All we can hope to gain is a few more years or decades of decent living and some personal freedoms.   I just hope that a trumped-up war is not the final solution -- again.

This next comment might spur some controversy, but what the hey.  There is a lot said about the "sheeple" and the lumpen proletariat.  Yeah, we have those in abundance.  But I'll submit that those who come here proposing that the troubles we are experiencing are the result of a Democratic or Republican agenda are drinkers of the same kool-aid.  The level of thinking required to blame specific politics or politicians is of low quality.   There is hardly, if ever, any proposed replacement of those politicians with any specific people.  If you don't like one, nominate a replacement, and say why.  Soon enough it becomes apparent that the prolems lay not in specific individuals or policies but in what the system itself has evolved to. Look past the minor differences in the parties and try to find a deeper solution.  Until that is done we shall make no real progress -- and that is what "they" would like.  "Politics" is a diversionary tactic. Don't give them the satisfaction of a victory in the propaganda war.

I apologize for the sloppy logic, mixed metaphors, and disjointed writing, but the subjects are not easily covered in a comment section.  I guess I'm just in one my above average pissy moods.  Mandy is exhibiting some extraordinary cleavage this morning so it ain't all bad.

t0mmyBerg's picture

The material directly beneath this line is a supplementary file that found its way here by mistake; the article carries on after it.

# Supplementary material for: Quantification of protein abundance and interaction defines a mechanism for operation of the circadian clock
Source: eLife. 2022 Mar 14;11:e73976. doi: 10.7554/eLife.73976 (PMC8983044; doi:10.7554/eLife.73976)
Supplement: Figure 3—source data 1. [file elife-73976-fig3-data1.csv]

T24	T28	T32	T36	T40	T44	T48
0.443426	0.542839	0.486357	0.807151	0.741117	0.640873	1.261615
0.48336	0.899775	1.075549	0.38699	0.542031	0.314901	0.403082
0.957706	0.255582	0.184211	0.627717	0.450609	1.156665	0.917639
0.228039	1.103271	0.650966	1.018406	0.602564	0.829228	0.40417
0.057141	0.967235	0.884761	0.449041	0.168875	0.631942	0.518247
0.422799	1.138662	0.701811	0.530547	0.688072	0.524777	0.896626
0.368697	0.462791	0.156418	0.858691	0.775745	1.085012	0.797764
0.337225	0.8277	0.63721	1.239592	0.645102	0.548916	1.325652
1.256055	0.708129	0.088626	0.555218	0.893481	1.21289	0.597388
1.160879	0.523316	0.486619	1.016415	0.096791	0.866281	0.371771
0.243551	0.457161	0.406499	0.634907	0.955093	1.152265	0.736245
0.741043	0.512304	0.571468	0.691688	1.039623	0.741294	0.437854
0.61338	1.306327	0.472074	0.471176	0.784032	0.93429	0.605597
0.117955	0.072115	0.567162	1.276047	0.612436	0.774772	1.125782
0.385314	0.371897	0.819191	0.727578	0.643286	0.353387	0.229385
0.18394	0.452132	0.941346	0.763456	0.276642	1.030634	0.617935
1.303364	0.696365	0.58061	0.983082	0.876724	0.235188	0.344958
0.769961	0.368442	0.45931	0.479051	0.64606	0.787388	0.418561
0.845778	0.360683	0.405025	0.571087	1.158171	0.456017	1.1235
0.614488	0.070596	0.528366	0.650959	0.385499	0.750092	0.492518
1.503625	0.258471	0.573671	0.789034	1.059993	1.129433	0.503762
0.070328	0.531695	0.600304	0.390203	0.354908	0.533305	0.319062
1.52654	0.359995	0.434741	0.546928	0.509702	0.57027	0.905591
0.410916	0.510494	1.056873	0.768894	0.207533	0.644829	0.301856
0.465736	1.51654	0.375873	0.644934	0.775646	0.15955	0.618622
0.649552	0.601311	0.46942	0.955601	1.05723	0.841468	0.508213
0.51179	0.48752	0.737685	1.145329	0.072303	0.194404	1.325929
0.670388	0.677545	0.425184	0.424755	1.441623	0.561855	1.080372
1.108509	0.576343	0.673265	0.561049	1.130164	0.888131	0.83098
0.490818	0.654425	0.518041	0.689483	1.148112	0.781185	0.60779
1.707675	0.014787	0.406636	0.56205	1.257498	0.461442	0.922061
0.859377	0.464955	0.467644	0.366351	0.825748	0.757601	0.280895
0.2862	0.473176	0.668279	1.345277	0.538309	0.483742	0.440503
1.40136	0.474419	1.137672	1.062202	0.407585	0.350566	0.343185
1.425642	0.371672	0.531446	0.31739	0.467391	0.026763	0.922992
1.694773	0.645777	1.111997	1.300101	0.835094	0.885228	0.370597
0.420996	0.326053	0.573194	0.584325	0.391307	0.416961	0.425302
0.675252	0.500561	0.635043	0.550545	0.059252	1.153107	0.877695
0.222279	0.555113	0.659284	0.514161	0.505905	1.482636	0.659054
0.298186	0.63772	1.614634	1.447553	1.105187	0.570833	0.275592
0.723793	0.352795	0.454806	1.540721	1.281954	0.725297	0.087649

When a fair and honest discussion of term limits is introduced there will be a start in providing solutions.

SCOTUS already doomed the American Experiment with the ruling against term limits.  See here for a start: 


Just a matter of time now.  Of course time to resolution can be measured in scores and even hundreds of years;  or months.  Loading up on cartridges for my S&W .357 just in case.

RockyRacoon's picture

Oh, yeah, I'm aware that the states cannot restrict these elections.  I'm looking to a federal law.  Fat chance of that!  Might as well ask for them to work for minimum wage as well.  Or perhaps to be governed by the same laws they pass for the masses. No way.

I also have a variety of calibers to choose from, or to trade with.  Pick up a box or two on the occasional outing to Walmart or the local sports store.  Properly stored ammo is a joy forever.

DollarMenu's picture

Thanks for your always good comments.

Republican and Democrat combine to dance

to the tune played by big money.

It's all theatre.


RockyRacoon's picture

Theatre?  Sure, but not even good enough for a B-movie.

For what they take we should at least get a little song and dance.

(Congressional hearings don't qualify.)

jkruffin's picture

This is excellent stuff, thx.

bruiserND's picture